Overseas Civilian Contractors

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State Department Inspector General Documents AGNA Antics in Afghanistan

What AGNA ArmorGroup North America?? You mean Michael O’Connell??

Thank you POGO

The State Department Office of the Inspector General (OIG) today released a damning performance evaluation of ArmorGroup North America (AGNA), the contractor responsible for guarding the U.S. Embassy in Kabul, Afghanistan.

Among the revelations from today’s OIG report:

  • AGNA employed, and the State Department’s Bureau of Diplomatic Security failed to scrutinize, “Nepalese guards without verifiable experience, training, or background investigations in violation of its contract.”
  • “AGNA cannot account for 101 U.S. Government-furnished weapons that have been missing since 2007. AGNA used U.S. Government-furnished weapons for training rather than required contractor-furnished weapons.”
  • “AGNA regularly allows individuals who are not vetted by Embassy Kabul’s regional security office unescorted access to Camp Sullivan, a U.S. Government-owned camp containing sensitive materials.”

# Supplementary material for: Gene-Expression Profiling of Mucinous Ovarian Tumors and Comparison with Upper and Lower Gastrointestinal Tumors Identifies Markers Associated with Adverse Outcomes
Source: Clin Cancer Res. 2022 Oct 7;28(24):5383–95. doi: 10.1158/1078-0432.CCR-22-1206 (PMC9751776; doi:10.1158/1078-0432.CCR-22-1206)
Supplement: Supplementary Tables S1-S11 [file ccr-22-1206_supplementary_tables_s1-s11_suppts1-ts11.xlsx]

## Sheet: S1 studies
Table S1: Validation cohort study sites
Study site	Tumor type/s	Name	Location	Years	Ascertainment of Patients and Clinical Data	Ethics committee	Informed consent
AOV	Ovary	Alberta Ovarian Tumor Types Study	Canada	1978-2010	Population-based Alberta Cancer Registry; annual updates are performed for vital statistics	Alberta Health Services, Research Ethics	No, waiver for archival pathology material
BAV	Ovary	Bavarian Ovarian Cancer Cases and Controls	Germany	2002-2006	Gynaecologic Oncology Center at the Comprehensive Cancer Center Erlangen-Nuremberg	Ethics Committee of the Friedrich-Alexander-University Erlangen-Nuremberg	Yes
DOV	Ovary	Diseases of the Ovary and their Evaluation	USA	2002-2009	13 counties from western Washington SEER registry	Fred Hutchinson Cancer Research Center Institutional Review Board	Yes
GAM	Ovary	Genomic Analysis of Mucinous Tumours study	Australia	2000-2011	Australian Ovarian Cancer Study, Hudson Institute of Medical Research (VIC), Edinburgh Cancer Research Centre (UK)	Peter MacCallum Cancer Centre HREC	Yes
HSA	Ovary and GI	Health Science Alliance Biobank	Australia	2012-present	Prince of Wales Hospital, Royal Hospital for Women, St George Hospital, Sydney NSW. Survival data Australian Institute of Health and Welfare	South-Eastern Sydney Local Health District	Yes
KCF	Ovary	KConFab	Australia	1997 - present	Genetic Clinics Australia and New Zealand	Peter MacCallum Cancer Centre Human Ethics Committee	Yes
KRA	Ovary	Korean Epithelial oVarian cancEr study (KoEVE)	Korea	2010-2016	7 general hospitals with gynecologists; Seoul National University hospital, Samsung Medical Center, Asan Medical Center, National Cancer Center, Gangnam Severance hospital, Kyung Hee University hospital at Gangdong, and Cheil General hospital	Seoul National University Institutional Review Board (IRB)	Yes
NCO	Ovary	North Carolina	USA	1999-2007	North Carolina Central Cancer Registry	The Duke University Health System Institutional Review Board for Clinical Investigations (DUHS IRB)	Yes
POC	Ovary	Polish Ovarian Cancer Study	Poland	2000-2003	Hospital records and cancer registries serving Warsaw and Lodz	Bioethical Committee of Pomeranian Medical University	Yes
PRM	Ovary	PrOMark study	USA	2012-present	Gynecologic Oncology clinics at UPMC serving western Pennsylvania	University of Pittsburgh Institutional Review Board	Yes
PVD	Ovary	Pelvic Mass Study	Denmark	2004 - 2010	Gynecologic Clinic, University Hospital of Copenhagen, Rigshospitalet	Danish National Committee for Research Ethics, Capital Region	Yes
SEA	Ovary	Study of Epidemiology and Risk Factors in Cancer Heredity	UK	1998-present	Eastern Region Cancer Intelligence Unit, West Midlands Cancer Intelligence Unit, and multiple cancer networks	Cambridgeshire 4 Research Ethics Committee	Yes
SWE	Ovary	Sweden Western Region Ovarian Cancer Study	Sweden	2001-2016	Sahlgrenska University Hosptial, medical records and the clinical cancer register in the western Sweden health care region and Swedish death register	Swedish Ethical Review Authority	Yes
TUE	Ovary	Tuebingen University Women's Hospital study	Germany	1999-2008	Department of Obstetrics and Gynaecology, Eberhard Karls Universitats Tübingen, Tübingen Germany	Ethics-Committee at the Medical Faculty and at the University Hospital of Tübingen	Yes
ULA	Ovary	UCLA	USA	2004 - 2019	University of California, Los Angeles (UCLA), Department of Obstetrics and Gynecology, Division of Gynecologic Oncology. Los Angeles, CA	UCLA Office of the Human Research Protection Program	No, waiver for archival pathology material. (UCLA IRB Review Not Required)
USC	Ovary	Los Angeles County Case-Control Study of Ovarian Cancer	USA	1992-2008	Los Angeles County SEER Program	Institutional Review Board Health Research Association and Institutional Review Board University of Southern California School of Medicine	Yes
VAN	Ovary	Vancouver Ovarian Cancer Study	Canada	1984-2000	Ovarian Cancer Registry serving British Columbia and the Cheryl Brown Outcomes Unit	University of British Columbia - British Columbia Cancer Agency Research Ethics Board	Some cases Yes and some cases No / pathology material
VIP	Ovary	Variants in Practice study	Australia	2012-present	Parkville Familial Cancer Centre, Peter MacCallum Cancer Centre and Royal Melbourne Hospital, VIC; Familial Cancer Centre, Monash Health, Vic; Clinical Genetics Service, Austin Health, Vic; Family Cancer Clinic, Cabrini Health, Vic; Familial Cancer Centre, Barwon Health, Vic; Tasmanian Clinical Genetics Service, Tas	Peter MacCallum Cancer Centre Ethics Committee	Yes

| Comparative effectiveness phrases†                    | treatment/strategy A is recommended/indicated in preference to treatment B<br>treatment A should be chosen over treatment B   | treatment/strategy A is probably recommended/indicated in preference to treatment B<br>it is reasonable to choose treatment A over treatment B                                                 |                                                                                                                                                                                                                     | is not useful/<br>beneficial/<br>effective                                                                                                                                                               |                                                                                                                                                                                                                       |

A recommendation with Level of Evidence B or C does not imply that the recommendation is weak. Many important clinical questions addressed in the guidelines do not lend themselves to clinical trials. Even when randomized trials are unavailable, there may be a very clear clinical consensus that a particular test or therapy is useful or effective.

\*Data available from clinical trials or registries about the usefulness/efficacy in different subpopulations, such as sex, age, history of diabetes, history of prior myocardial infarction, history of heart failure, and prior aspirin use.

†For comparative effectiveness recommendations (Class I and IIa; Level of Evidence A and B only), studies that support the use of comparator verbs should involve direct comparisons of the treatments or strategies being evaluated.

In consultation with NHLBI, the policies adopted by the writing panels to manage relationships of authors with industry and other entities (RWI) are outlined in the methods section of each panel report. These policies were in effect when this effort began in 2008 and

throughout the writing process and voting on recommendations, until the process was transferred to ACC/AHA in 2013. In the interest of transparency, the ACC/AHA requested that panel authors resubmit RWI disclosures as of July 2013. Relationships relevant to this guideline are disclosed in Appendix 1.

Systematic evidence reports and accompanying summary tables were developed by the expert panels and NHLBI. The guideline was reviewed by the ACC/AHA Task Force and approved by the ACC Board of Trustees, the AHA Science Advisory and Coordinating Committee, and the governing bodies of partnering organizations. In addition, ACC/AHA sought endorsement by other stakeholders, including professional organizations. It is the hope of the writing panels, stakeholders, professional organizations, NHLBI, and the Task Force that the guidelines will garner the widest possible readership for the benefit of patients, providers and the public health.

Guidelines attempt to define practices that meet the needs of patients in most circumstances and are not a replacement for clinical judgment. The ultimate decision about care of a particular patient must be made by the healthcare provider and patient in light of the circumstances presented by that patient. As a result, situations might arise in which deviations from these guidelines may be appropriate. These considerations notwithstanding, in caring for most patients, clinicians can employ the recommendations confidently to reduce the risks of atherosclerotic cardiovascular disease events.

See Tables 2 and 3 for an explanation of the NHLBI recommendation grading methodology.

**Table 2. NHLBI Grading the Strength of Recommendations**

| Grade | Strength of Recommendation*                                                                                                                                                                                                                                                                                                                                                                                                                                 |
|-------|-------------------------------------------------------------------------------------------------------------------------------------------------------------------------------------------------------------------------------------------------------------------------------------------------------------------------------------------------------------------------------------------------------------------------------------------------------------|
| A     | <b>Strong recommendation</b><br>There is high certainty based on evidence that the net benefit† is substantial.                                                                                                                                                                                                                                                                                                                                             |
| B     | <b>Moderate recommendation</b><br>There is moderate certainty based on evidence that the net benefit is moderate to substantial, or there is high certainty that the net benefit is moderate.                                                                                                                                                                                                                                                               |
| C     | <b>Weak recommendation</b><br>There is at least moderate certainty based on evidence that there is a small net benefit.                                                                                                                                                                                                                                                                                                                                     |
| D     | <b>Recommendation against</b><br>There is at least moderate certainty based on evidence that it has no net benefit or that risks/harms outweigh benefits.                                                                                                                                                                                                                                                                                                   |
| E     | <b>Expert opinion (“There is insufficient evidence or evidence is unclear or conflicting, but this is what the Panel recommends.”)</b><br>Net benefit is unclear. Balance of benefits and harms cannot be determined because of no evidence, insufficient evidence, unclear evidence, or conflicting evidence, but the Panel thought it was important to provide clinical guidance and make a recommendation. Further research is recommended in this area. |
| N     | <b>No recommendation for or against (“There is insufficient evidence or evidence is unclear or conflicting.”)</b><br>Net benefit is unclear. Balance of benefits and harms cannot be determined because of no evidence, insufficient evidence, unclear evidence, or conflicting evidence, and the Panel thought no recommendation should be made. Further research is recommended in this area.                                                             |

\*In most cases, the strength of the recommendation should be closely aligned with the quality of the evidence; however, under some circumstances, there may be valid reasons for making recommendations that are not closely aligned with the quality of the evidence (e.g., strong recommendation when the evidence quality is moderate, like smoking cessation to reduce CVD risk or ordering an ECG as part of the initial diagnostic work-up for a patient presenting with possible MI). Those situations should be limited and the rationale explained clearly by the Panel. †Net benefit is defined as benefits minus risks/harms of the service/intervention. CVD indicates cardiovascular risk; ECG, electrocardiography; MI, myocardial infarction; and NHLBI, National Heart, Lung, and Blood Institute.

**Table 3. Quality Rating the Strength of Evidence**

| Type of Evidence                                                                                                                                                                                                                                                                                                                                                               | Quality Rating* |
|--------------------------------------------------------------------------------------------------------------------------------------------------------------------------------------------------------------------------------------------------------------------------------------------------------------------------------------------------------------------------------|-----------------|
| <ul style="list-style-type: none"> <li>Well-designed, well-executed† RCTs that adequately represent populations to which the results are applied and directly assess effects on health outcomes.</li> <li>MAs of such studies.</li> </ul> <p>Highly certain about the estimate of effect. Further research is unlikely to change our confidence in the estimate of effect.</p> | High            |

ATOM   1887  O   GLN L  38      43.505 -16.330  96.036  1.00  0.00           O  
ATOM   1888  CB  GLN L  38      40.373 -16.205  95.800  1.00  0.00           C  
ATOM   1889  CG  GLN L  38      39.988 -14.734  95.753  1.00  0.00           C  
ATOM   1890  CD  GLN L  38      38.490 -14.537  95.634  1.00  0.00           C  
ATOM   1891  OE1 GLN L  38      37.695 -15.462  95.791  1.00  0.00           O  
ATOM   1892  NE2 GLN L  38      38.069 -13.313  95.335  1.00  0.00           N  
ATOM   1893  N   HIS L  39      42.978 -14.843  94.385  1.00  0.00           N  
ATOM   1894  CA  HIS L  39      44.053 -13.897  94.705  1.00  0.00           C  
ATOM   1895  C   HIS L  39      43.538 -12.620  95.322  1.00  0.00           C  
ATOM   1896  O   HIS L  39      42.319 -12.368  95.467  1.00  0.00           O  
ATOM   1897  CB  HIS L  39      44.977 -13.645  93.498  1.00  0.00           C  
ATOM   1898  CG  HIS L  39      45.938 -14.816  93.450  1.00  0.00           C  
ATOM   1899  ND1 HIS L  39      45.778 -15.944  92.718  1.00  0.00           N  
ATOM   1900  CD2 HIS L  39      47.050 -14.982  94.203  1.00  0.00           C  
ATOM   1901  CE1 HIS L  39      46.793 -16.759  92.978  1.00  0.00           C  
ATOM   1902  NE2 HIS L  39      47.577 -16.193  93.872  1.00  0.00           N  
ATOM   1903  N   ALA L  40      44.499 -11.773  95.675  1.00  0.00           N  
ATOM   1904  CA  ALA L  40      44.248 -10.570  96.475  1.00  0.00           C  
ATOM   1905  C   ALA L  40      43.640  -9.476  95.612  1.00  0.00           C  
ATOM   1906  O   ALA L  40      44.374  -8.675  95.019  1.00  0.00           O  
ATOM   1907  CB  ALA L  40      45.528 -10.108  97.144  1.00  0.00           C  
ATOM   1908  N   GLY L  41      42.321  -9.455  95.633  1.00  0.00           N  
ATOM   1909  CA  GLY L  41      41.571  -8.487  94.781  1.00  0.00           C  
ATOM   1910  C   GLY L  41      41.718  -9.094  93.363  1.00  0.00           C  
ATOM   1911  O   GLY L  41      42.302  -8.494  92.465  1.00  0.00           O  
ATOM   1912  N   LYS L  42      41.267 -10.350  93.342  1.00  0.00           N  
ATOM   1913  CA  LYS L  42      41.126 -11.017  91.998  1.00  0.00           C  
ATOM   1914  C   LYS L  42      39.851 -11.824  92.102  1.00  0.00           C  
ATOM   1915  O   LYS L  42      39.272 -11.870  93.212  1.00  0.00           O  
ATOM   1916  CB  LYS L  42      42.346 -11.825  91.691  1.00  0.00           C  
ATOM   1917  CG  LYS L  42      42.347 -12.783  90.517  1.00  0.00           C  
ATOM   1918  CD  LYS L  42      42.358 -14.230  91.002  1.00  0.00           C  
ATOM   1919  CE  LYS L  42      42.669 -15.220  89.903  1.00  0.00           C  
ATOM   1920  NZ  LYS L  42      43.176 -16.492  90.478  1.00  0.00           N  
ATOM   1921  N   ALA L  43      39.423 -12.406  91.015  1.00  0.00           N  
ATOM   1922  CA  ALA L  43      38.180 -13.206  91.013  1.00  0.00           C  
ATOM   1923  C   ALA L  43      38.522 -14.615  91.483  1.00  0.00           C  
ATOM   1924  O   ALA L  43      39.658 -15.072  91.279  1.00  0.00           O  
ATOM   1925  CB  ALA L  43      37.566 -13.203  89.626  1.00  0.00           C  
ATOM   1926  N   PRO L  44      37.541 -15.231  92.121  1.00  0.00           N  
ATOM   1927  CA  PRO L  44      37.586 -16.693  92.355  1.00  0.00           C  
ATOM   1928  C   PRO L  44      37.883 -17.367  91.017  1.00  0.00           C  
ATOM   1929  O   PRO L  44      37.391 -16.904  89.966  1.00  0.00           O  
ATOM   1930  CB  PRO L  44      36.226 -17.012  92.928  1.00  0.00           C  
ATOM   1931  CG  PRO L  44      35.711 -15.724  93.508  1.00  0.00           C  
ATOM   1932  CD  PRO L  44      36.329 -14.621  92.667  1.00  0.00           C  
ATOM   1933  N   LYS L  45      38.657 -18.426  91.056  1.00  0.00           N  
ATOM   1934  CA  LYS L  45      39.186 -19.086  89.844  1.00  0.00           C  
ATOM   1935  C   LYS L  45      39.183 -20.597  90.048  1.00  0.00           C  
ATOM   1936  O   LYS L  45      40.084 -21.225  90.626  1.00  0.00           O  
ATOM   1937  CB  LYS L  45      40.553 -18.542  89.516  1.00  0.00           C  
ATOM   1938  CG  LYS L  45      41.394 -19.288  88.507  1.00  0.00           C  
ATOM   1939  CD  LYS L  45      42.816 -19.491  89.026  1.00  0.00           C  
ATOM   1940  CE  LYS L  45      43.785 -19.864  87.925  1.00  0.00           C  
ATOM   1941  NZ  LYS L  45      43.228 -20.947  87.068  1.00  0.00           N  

The report confirms and expands on the findings of our investigation last year, which pulled back the curtain on a “Lord of the Flies environment” that had taken hold of the Embassy security guard force.

Lewd and obscene photos of AGNA security guards helped our investigation garner considerable attention—but the key revelation, as detailed in our letter to Secretary of State Hillary Clinton, was that the State Department was failing to conduct oversight of a contractor performing an incredibly important service. Today’s OIG report is just one more piece of evidence demonstrating that the State Department continues to struggle in its oversight of private security contractors.

Find statements by POGO Executive Director Danielle Brian and POGO investigator Jake Wiens here.

ArmorGroup’s contract expired on June 30, 2010, but the company will continue to guard the Embassy through the end of 2010. The State Department has selected EOD Technology, Inc. (EODT) to take over security at the Embassy.

— Bryan Rahija

See also:

October 28, 2010 Posted by | Afghanistan, ArmorGroup, Civilian Contractors, Contractor Corruption, Contractor Oversight, State Department | , , , , , | Leave a comment